Adriaan Brink
7th June, 2013 @ 03:18 am PDT

Considering how much prostrating is done before other security themed posts here, it would be a bit hypocritical for Gizmag to get uppity about this program.

Tom Arr
7th June, 2013 @ 05:40 am PDT

I'll bet every person working for an internet marketing company is laughing their heads off at how lame the NSA is.

Dave B13
7th June, 2013 @ 06:09 am PDT

I don't see what the big deal is. I'd rather have my chats and emails about coworker gossip and hanging out at Lake Erie glossed over by some computer algorithm if that means helping to stop people planning to harm others, than to have my private gossip emails about coworkers and hanging out at Lake Erie be the reason people died.

citizenchan
7th June, 2013 @ 08:06 am PDT

Is it possible to DDoS the NSA?

Gotcha
7th June, 2013 @ 09:06 am PDT

Its not the Governments business. If they were worried about terrorists, then they would patrol the boarders. If they were worried about bombings, then they would stop letting illegals into our country by the thousands and millions. The Government doesnt care, it just wants to "be seen" to care. The Governments biggest threat, which they are trying to get rid of is the indepence minded person who doesnt want to to the government line.

yinfu99
7th June, 2013 @ 09:22 am PDT

I'd write something, but then the NSA would read it and pester me. If they own the grid, leave the grid. Duh.

KMH
7th June, 2013 @ 09:56 am PDT

Truth does not fear investigation.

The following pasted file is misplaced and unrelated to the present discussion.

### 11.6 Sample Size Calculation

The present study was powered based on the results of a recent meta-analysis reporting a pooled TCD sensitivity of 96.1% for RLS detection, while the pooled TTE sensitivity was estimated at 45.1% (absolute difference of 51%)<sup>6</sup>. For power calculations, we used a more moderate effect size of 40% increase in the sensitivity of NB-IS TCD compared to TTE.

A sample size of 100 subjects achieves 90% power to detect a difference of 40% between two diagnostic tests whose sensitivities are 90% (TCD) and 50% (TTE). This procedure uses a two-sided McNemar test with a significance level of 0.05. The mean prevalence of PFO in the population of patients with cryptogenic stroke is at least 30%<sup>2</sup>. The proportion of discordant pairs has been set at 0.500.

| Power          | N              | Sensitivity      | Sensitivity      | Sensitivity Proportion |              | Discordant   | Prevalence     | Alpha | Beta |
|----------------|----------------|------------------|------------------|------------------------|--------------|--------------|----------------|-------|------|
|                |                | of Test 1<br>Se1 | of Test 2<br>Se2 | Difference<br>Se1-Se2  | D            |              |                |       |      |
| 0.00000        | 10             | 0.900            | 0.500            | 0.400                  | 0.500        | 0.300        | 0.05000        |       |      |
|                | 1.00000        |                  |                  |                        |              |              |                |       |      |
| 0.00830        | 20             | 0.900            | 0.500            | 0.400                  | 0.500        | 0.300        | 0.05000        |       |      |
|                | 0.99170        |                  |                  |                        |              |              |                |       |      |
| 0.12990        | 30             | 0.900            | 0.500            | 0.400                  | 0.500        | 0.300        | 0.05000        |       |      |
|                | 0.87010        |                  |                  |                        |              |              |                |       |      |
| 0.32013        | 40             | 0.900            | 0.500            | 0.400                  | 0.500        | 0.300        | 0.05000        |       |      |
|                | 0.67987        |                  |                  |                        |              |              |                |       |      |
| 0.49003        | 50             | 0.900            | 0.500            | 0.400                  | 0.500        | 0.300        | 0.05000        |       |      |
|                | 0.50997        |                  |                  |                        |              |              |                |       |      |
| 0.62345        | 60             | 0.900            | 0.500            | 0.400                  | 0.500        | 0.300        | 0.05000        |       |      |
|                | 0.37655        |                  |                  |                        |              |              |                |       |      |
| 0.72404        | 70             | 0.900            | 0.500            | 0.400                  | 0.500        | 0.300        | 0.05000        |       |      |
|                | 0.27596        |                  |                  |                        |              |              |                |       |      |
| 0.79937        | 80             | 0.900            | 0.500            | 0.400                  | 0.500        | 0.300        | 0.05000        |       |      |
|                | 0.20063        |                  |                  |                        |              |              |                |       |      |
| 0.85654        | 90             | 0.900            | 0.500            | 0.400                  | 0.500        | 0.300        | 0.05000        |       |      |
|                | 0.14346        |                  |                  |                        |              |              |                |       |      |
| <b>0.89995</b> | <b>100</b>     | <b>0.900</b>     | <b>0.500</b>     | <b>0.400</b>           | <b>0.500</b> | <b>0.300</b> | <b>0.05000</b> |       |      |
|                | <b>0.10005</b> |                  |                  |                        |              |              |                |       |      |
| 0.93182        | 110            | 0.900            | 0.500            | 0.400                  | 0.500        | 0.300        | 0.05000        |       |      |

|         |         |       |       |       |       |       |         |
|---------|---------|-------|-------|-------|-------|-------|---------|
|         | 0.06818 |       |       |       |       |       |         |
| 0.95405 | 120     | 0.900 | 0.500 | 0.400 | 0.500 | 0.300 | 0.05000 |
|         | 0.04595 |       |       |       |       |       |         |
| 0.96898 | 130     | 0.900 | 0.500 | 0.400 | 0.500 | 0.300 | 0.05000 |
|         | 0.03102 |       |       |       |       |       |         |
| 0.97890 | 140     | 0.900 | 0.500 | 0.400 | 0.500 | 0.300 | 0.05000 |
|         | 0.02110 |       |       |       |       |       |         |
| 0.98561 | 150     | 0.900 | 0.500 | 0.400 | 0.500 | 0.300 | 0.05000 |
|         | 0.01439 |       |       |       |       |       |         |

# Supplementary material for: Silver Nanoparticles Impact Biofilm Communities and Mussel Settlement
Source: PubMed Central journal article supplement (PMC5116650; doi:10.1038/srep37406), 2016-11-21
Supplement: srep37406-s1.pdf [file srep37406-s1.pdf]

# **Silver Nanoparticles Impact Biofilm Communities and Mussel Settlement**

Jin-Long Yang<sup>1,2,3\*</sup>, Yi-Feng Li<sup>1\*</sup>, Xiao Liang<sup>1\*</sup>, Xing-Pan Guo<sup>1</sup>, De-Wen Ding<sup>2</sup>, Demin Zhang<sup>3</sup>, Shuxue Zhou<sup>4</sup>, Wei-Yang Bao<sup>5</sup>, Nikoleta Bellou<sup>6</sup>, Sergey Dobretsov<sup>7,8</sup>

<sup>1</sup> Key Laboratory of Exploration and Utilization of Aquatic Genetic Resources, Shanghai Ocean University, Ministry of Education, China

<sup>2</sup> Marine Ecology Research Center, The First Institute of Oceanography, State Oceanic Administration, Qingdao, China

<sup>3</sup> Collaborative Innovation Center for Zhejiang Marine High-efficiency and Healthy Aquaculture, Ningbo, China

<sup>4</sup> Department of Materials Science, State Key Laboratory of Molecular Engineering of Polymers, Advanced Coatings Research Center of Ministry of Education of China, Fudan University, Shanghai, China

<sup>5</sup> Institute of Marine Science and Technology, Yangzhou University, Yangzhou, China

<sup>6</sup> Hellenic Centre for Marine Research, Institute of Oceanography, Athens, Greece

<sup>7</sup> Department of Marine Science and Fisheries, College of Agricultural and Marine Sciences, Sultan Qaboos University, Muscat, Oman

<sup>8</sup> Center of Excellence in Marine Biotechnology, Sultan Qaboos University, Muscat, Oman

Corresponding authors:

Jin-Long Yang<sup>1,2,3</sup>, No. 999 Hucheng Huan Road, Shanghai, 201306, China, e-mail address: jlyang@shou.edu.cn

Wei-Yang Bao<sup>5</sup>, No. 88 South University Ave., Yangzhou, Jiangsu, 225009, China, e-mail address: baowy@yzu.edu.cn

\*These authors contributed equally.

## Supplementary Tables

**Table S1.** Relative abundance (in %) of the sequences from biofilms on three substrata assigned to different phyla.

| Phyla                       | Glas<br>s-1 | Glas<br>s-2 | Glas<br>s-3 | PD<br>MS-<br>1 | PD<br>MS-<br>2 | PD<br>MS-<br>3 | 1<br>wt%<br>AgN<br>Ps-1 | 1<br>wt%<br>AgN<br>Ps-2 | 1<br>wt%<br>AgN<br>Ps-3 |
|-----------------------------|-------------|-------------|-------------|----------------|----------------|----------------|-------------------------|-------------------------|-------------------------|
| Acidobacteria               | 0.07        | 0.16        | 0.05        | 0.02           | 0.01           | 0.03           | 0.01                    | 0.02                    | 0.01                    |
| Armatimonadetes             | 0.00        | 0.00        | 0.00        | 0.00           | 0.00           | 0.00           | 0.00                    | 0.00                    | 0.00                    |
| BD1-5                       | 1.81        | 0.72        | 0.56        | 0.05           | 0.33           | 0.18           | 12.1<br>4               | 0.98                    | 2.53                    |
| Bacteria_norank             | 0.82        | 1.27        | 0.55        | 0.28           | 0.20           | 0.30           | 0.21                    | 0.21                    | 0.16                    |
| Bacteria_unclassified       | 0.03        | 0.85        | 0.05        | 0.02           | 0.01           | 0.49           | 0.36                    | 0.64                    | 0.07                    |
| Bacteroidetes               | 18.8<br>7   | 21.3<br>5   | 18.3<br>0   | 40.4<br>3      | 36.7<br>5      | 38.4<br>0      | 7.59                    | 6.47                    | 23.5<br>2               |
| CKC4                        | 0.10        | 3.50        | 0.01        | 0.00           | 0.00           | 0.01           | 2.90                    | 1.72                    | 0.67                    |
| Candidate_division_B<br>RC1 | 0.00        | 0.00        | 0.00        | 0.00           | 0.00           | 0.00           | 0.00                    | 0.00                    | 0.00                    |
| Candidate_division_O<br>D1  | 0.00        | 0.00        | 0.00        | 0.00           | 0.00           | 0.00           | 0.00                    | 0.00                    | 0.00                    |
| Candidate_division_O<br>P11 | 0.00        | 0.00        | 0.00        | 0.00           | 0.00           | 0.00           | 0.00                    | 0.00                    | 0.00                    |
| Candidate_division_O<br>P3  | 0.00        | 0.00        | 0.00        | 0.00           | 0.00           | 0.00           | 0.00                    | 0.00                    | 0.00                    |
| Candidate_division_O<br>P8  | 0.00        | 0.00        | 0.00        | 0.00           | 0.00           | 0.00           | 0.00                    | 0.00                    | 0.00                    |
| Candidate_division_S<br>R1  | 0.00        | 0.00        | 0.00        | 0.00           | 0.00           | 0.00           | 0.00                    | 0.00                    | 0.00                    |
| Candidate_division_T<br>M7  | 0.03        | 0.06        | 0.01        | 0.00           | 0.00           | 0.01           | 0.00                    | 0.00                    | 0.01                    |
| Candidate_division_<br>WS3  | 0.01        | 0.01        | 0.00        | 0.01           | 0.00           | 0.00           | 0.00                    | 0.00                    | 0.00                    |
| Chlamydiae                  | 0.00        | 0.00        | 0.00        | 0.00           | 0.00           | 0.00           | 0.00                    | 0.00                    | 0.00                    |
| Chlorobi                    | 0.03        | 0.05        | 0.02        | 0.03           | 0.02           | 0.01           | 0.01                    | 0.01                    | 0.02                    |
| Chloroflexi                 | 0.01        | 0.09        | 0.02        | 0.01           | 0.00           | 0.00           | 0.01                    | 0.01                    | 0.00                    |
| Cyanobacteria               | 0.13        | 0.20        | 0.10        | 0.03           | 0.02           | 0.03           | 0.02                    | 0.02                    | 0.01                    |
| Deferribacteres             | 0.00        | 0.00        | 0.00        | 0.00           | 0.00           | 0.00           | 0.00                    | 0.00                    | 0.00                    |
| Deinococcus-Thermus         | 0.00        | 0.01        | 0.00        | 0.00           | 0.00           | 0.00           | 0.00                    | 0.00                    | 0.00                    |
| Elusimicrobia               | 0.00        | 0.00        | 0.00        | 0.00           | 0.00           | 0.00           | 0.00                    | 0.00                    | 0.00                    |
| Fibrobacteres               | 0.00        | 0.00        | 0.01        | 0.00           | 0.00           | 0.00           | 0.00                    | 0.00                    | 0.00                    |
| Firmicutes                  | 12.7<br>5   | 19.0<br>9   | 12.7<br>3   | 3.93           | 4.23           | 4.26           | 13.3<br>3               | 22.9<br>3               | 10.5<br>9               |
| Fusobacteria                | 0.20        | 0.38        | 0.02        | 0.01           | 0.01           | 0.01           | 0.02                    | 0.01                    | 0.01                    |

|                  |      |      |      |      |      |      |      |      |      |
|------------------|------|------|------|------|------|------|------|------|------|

If they want to scan my electronic communication, phone calls included, who gives a rip? Hell if they come and ask to search my house, I'd be happy to oblige as long as they don't leave it a big mess. I think it's funny how some people think that they matter so much that the government is actually interested in them. Sorry, your mundane life just isn't that interesting. Mine either. Unless you say things that would make them think you are a terrorist or going to hurt somebody, you go in one end of a computer and right back out the other end. Quit crying.

chomper
7th June, 2013 @ 10:03 am PDT

'Remo Kangasniemi', The Legend ends.

I love these paranoid, delusional responses to the great 'Conspiracy'. The world is so vastly different than what Orwell predicted. Blair's waking nightmare thankfully did not warp our dreams; though I do admit that it came close. The lightspeed evolution of modern society is creating a reality that will soon supersede any and every thing that the few who dare to think can even imagine. An entire, unprecedented and ultimately unforeseeable society is emerging from the chaos of 10000 years of trial, error, repeat to destruction.